Nuclear fusion — a fuller picture

John Richard Schrock“/>John Richard Schrock


“Today we burn the rocks. Tomorrow we burn the oceans!” This was an unforgettable statement from one of the 16 mm films I showed to my students when I taught in 1971. My school district was poor. There was no money for audio visuals. But I could borrow free films from the Oak Ridge Nuclear Lab in Tennessee. We also offered 9-week phase elective courses so students chose the science topics they wanted to study. One of my mini-courses was on Nuclear Power.

In my class, they learned about alpha, beta and gamma radiation. They watched Oak Ridge films, including tests at the Hanford site in Washington state, where they pushed the uranium rods to go critical and melt, in order to develop safe power plants. These were all examples of nuclear fission power generated from the splitting of atoms of uranium-235 enriched to 3-to-5 percent. Uranium is mined from special deposits, just like coal is mined. This was what was meant by “today we burn the rocks.”

“Tomorrow we burn the oceans” referred to the use of nuclear fusion, the combining of hydrogen isotopes derived from water. These hydrogen atoms have an extra neutron or two: deuterium and tritium. When they are fused into one heavier nucleus, it is not as heavy as the two nuclei were before, and the “leftover weight” is transformed into energy. Uncontrolled fusion is what occurs in the sun and in hydrogen bombs. Current nuclear power plants operate on fission. But developing power plants that work with controlled fusion would produce tremendously more power. That has proved to be a difficult task.

When news broke on Dec. 13 that the Lawrence Livermore Lab in California had achieved a point of “fusion ignition” where more energy was released (3.15 megajoules) than was input (2.05 megajoules), you might assume that the US was a leader in this technology. Of the major news sources, only PBS got it correct by briefly interviewing Steve Dean, President of Fusion Power Associates. He explained that the leaders in this science were elsewhere (China, the United Kingdom, Japan and France).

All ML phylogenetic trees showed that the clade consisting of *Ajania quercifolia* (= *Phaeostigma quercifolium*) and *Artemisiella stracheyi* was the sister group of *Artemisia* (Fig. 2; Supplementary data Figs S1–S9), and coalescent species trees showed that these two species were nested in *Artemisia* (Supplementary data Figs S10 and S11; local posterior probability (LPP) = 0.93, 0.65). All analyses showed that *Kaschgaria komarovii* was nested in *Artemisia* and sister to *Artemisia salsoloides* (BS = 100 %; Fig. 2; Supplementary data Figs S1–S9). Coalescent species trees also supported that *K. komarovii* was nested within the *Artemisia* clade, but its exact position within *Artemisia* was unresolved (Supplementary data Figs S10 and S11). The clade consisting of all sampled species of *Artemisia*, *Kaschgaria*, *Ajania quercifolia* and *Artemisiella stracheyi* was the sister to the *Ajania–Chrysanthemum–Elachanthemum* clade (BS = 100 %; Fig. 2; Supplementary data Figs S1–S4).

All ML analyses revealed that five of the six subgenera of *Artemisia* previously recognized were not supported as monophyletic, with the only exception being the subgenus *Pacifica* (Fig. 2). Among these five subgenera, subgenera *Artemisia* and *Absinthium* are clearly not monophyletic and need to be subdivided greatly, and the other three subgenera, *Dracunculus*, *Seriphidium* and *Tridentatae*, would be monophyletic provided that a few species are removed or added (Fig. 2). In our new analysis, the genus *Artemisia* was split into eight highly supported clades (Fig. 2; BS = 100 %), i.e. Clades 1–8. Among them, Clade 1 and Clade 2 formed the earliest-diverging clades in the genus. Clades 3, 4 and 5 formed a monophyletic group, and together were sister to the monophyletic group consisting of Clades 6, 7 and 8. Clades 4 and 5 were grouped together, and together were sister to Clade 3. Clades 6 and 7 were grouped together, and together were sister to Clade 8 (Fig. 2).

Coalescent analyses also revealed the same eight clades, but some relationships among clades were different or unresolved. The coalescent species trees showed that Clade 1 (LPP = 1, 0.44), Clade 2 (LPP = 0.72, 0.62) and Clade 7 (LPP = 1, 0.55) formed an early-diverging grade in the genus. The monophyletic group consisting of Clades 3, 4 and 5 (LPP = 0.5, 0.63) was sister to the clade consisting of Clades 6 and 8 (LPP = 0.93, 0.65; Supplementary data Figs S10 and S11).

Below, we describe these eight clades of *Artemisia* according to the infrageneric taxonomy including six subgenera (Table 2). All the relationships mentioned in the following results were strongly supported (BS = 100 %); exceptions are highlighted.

In an online interview, Dean explained the two major aspects to fusion power research: physics experiments to advance understanding and the practical engineering required to build and make a fusion power plant work. While the Lawrence Livermore Lab verified the ability of lasers to get more energy out than is put in, it does not address the actual development of the technology needed. US government funding barely supports the physics. Participation of engineers and industry is not occurring in the US

A major engineering concern is containing the fusion reaction. That will require a magnetic bottle system of plasma, a “tokamak.” The International Thermonuclear Experimental Reactor in France is such a facility and the US is one of 35 countries (including China) participating. The ITER reactor is expected to begin working in 2025, but not commercially.

China has three major engineering and research projects. On October 21 this year, The South China Morning Post described the HL-2M reactor in Sichuan that generated a plasma current over one million amperes. Earlier in 2022, Newsweek described another unit called a “Z pinch machine” that uses “…an electric current inside a hot gas known as plasma to generate a magnetic field.” This compresses or pinches the plasma to create the conditions necessary for fusion.” This Z-FFR unit is scheduled to be built by 2025, produce power by 2028 and be commercially operating by 2035. China also has the Experimental Advanced Superconducting Tokamak (EAST) in Hefei and J-TEXT at the Huazhong University of Science and Technology. The Nuclear Engineering International journal also documented China’s engineering advances in its November 1, 2022 issue.

In 1971, my young students noted that nearly all of the major scientists in our Manhattan Project to build the bomb (Enrico Fermi, Leo Szilard, Hans Bethe, Albert Einstein, etc.) were foreign immigrants. Over fifty years later, the majority of US physics and engineering graduates are still foreign students. Nationwide, our state governing boards for both K-12 and higher education are reducing STEM requirements and eliminating the testing that rewards students who have a study ethic. The US no longer leads in half the science fields, including fusion research, due to the anti-science actions of the last four decades. And our public media for the most part fails to report this serious problem.

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John Richard Schrock has trained biology teachers for more than 30 years in Kansas. He also has lectured at 27 universities during 20 trips to China. He holds the distinction of “Faculty Emeritus” at Emporia State University.

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